A selfless spirit

Ryan Watts wins the Best of the Best Award

  • Watts (center) with Tim Rainey (left), MVP Task Force chairman, and Josh Kelly, vice president and manager of OMG Roofing Products Inc., Agawam, Mass., after Watts won the Best of the Best Award
  • Watts fishing with his son, Bryce
  • Watts works on a roofing project.
  • Watts attends a fall-protection training course at Capital Safety, Red Wing, Minn.
  • Watts with former New York City Mayor Rudy Giuliani on Sept. 11, 2010.
  • Watts with his fiancée, Jen
  • Watts has a love for motorcycles.
  • In his free time, Watts is a volunteer firefighter
  • Watts with his son, Bryce

Ryan Watts loves to talk about the people in his life. He is much more comfortable describing his mother's work ethic, great-grandmother's optimism or father's adventurous spirit than talking about his own attributes.

This is not surprising coming from a man who, according to co-workers, puts the welfare of others before his own interests. They also describe him as positive, caring, respected and someone who exceeds expectations.

These traits are just a few of the reasons why Watts, foreman for Jurin Roofing Services Inc., Quakertown, Pa., recently won Professional Roofing's annual Best of the Best Award, an extension of The Roofing Industry Alliance for Progress' Most Valuable Player (MVP) Awards. OMG Roofing Products Inc., Agawam, Mass., co-sponsors the award.

"I have been on the selection committee for seven years, and Ryan Watts was above and beyond expectations in every category," says Tim Rainey, president of Supreme Systems Inc., Dallas, and MVP Task Force chairman. "Ryan exemplifies our industry not only with outstanding job performance but also with his actions in the community and service to our country. As Ryan demonstrates, roofing workers don't just swing hammers; they are individuals contributing to our society in many ways."

Country living

Watts, 30, grew up in Spinnerstown, Pa., which he describes as "country living." That lifestyle allowed him to spend as much time outdoors as possible.

"I was never home," he says. "I was out playing sports and riding bikes. I was a chubby little kid, but I was athletic and out playing all the time."

When he wasn't playing sports, Watts spent time with his mother's side of the family.

"We had a lot of family traditions," he says. "We had all the big Christmas, Thanksgiving and Easter gatherings and family reunions."

Watts was raised by his mother, Lori, and had a couple of stepfathers, stepsiblings and half-siblings growing up. He did not meet his biological father until he was 26 years old.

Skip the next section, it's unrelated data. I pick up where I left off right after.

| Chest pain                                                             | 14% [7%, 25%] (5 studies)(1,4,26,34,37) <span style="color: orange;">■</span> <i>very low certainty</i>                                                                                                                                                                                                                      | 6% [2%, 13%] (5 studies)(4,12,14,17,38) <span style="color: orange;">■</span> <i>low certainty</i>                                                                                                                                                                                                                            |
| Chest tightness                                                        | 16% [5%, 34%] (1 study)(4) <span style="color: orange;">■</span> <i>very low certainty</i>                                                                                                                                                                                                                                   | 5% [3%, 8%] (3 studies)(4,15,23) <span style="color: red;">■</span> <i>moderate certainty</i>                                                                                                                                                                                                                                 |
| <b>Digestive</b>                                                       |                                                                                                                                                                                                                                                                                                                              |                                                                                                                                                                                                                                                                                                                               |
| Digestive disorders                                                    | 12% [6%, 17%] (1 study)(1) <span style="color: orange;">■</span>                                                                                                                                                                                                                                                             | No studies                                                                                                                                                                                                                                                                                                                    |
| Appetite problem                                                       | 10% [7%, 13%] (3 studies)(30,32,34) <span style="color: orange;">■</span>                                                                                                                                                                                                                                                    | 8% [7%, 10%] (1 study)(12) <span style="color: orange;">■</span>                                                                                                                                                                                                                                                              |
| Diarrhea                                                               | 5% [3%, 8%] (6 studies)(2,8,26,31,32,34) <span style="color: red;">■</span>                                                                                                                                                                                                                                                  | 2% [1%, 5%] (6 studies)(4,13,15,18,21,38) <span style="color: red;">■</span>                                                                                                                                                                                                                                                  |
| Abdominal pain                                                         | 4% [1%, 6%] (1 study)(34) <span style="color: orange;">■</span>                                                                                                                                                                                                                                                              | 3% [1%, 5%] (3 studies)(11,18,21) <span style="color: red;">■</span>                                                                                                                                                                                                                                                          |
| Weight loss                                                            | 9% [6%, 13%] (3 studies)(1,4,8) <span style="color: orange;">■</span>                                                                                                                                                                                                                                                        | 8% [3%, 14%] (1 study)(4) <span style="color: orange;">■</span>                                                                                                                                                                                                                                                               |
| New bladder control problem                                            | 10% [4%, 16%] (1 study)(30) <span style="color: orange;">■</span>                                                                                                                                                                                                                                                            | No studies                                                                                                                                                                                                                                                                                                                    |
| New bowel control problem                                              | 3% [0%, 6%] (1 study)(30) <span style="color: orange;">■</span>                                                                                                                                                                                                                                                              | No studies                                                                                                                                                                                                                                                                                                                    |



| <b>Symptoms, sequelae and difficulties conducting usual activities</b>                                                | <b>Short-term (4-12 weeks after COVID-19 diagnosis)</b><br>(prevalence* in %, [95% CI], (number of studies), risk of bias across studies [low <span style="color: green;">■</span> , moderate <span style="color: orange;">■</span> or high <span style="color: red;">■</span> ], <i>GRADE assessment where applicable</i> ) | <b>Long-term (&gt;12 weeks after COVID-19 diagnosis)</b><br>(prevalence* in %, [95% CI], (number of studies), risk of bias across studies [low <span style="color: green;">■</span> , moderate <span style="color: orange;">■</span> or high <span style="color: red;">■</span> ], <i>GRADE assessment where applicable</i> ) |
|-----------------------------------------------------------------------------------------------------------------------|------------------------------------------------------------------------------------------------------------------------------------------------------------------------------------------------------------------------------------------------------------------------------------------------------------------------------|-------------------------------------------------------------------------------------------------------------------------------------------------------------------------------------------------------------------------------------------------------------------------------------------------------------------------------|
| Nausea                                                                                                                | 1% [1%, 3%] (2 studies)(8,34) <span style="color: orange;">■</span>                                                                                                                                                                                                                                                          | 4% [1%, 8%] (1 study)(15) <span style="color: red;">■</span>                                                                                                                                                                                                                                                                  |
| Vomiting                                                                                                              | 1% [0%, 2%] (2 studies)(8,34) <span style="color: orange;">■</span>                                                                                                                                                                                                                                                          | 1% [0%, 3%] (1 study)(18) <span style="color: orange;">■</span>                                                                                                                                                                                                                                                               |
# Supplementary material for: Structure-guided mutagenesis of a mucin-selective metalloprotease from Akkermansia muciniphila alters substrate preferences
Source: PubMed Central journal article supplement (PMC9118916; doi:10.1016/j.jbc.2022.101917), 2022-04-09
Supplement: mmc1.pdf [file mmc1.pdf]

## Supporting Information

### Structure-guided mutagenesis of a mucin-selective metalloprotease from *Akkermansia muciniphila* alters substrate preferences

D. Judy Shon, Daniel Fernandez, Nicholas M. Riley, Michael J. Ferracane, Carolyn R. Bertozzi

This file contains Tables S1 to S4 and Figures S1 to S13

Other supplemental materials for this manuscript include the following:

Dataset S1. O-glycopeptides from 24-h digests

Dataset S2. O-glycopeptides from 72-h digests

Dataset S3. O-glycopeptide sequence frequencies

When Watts was about 5 years old, he learned his stepfather wasn't his biological father. After his mother and stepfather later divorced, the family moved into a motel in Quakertown, Pa., for a few months until Watts' mother and a friend rented an apartment in Spinnerstown.

A few years after Watts' mom remarried, when he was in eighth grade, the subject of his biological father resurfaced.

"My stepdad told me my mom knew where my dad was," Watts says. "I started searching his name and found his address when I was 18 but waited eight years before I decided to go see him."

Watts met his dad just before Watts' son was born, around Christmas 2009.

"I went to his house because my fiancée, Jen, and I were expecting, and we wanted a full family medical history," Watts says. "So we jumped in the car and drove down to his farm—it was a quiet drive. He gave me a tour of the farm. He remembered my mom, and I told him he was my biological father."

After exchanging addresses and telephone numbers, Watts and his father had a paternity test done that confirmed they were father and son.

"It's been a really good relationship," Watts says. "I'm so glad I had the opportunity to meet him."

Through that relationship, Watts also has had the opportunity to meet extended family on his father's side.

"I went to England with my father to visit my great-grandfather," Watts says. "He is a World War II vet who escaped Austria and joined the British Army. He is amazing."

Watts also has learned he and his dad share many similarities, including a love of sports and motorcycles. And he sees himself and his father in his 4-year-old son, Bryce.

"When I was young, I was happy to play and be a part of something, and I see that in my son," Watts says. "He wants to kick the ball and chase things. I'm starting to see a lot of me in him."

Watts appreciates that his father can get to know Bryce.

"I didn't have a permanent father figure growing up, and now we have a son, father and grandfather," Watts says. "My son can get to know his grandfather. I took a canoeing trip with my dad in 2012, and it will be nice to be able to take those trips someday with my dad and my son.

"If it weren't for Jen and my son," he continues, "I probably wouldn't have met my dad or his extended family, including my great-grandfather."

Learning the ropes

Watts' unconventional childhood helped shape his work ethic; he was 11 when he had his first job busing tables at a diner. Watts was waiting tables and delivering pizza in 2003 when a friend told him he worked for a great roofing company, prompting Watts to look into roofing.